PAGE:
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Ahh, but a post could be uninteresting, and in this case it will still not be annotated.

This is a testable hypothesis. Yay for conversation-as-data. :slight_smile:

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Ah ah! This is an extremely interesting topic. Comparing different networks in quest for similarities or distinctive properties (for each of them) is a question that often pops up – colleagues investigating human trafficking networks are looking at that same issue to figure out whether different network operate based on the same “logic” (see here and here e.g.).

There are several questions hidden in there, some of which relate to the way people interact and reply to one another, and how topics develop; and others on how content is annotated.

I am definitely in for a hackathon. Is there a way we could have such an event although we would not be able to get altogether in a same room. Couldn’t we have a virtual get together between groups located in Bx, Brussels, X, Y, Z, etc. (and rather meet in a Zoom or Google meet room)?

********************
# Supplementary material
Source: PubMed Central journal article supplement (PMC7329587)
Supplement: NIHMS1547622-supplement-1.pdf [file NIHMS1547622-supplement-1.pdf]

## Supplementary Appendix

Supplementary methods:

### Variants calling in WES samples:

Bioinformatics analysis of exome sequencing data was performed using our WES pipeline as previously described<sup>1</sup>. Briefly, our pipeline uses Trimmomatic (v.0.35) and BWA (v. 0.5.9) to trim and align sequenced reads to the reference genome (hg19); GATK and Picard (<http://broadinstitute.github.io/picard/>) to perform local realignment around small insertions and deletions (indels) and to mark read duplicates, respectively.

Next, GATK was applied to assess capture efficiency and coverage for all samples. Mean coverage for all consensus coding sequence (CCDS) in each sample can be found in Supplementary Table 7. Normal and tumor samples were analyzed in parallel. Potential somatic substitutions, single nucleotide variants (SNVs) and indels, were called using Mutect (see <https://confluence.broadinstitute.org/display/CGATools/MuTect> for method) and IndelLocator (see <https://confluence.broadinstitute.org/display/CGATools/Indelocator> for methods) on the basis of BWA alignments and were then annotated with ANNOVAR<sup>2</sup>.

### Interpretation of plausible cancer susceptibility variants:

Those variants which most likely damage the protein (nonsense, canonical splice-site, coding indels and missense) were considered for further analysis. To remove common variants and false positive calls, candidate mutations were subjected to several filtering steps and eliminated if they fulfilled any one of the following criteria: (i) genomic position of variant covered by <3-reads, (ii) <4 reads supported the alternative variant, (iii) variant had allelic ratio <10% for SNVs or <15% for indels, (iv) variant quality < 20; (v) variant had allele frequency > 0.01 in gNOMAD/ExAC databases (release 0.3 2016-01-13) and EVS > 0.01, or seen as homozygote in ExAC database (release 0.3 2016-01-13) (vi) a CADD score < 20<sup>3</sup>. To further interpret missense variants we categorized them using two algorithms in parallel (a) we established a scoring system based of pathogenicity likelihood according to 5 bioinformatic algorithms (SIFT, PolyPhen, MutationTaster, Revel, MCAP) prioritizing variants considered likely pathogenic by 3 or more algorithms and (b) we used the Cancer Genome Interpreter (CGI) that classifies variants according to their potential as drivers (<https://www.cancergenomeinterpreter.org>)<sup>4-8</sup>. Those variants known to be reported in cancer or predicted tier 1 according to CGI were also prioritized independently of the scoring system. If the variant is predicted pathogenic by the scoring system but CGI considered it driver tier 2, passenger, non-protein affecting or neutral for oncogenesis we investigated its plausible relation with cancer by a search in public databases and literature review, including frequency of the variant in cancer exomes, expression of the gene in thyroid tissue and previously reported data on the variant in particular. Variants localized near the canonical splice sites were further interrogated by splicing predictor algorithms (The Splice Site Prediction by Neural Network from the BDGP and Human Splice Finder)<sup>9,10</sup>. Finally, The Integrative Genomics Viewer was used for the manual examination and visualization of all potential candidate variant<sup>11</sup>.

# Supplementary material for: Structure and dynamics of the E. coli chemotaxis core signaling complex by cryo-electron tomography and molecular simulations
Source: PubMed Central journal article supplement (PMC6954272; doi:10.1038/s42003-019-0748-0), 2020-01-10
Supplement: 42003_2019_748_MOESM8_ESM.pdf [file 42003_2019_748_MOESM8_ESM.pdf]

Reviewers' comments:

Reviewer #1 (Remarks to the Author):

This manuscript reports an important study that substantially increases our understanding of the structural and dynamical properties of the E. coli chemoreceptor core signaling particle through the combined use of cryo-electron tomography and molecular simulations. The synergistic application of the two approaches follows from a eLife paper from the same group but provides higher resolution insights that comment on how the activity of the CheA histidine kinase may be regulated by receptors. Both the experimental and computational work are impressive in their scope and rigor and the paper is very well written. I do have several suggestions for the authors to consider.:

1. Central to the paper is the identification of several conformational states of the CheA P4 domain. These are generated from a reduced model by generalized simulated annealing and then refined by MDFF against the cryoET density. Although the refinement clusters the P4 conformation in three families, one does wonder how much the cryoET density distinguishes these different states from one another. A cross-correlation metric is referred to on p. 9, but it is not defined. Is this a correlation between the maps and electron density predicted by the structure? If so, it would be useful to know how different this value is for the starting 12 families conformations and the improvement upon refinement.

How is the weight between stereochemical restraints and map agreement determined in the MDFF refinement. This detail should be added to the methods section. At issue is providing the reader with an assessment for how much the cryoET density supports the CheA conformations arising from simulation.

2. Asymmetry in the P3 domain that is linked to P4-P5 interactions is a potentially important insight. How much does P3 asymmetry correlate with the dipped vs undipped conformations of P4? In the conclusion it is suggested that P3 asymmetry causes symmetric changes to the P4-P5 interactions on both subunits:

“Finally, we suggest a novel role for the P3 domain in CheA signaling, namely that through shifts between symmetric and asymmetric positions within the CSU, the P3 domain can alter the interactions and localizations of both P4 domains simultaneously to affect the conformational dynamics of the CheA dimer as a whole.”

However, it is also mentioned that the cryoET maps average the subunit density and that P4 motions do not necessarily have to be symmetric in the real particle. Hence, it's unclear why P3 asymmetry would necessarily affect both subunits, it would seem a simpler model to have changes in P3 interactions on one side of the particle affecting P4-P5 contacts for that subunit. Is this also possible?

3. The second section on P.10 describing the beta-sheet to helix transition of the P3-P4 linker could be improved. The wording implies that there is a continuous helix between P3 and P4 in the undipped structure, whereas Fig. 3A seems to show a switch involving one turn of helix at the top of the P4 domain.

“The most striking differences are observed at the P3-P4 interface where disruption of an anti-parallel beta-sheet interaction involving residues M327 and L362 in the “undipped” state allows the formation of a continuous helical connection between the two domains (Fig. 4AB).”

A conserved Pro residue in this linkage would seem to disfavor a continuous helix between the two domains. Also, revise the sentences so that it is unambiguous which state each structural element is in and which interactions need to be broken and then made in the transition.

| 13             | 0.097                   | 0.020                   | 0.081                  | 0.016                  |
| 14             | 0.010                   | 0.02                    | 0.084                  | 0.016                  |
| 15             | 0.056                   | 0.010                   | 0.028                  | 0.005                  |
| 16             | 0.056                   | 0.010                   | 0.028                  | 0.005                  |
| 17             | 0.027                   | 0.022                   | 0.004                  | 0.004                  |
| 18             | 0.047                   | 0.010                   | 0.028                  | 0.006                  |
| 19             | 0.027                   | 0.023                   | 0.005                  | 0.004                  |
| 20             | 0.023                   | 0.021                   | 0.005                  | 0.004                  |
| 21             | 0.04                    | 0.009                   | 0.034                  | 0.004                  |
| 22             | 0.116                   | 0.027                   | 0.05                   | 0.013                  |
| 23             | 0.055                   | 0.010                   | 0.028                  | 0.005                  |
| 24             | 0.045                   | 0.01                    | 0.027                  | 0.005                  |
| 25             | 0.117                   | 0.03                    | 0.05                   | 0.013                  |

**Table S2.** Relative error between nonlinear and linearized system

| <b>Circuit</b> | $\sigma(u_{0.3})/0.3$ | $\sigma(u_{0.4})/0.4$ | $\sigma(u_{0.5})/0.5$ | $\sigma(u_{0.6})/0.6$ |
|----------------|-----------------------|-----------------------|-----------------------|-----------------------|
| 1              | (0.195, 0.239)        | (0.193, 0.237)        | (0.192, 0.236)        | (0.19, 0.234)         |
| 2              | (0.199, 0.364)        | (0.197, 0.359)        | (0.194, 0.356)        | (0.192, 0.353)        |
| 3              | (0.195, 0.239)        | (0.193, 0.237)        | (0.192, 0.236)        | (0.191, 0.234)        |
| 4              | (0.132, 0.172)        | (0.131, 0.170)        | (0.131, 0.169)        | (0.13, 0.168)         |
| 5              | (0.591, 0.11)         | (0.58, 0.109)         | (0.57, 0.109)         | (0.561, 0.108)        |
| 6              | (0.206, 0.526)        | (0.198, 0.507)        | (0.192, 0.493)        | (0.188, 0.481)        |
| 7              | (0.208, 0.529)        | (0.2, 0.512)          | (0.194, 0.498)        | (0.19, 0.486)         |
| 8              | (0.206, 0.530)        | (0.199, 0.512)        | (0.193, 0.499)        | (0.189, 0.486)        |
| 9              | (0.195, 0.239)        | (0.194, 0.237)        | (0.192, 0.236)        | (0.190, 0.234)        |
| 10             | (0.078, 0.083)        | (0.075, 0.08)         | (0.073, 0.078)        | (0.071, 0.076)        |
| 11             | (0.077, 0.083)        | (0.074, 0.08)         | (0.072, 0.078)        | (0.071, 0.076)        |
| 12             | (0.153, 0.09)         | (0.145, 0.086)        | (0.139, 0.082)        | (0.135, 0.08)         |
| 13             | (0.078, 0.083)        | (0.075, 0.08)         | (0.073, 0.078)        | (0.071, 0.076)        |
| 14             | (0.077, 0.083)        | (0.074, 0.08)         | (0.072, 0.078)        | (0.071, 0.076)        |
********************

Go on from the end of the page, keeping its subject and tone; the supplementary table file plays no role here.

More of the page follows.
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I think this would be possible, but not an equilibrium.

In my experience of hackathons, the actual work is anyway done with everyone looking at their screen. The motivation for devoting 8 hours solid on a Saturday comes from the fact that people are getting together physically, and hanging out during extended breaks. It takes a very disciplined person indeed to do that on Zoom.

When they are not participating in hackathons, hackers are, well, hacking. All tools are asynchronous and very efficient, interaction is minimal, but there is very little control on what any open source project will get done, and by when.

It would be quite an achievement to redesign the hackathon format so that it can be faster, more social and more interactive than normal open source projects, while still maintaining some of the efficiency of the latter. I imagine such a hackathon lasting 4-5 days, with frequent team check-ins and quite a visible, coherent leadership so that participants can enjoy the feeling of knowing why they are doing what they are doing.

Would it be an option to address it to BOTH ethno-anthro and compsci people? @melancon, @amelia, @akmunk, @jan: would you be open to experiment with something like this?

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definitely!

Still interested, just as @brenoust and @bpinaud I guess. Reserving 4-5 days in a row (although not full days) might be more problematic. Designing the hackathon, so participants commit to do tasks and deliverables might be a solution. I understand this somehow throws away the spontaneity we appreciate in such gatherings … but just for once …

?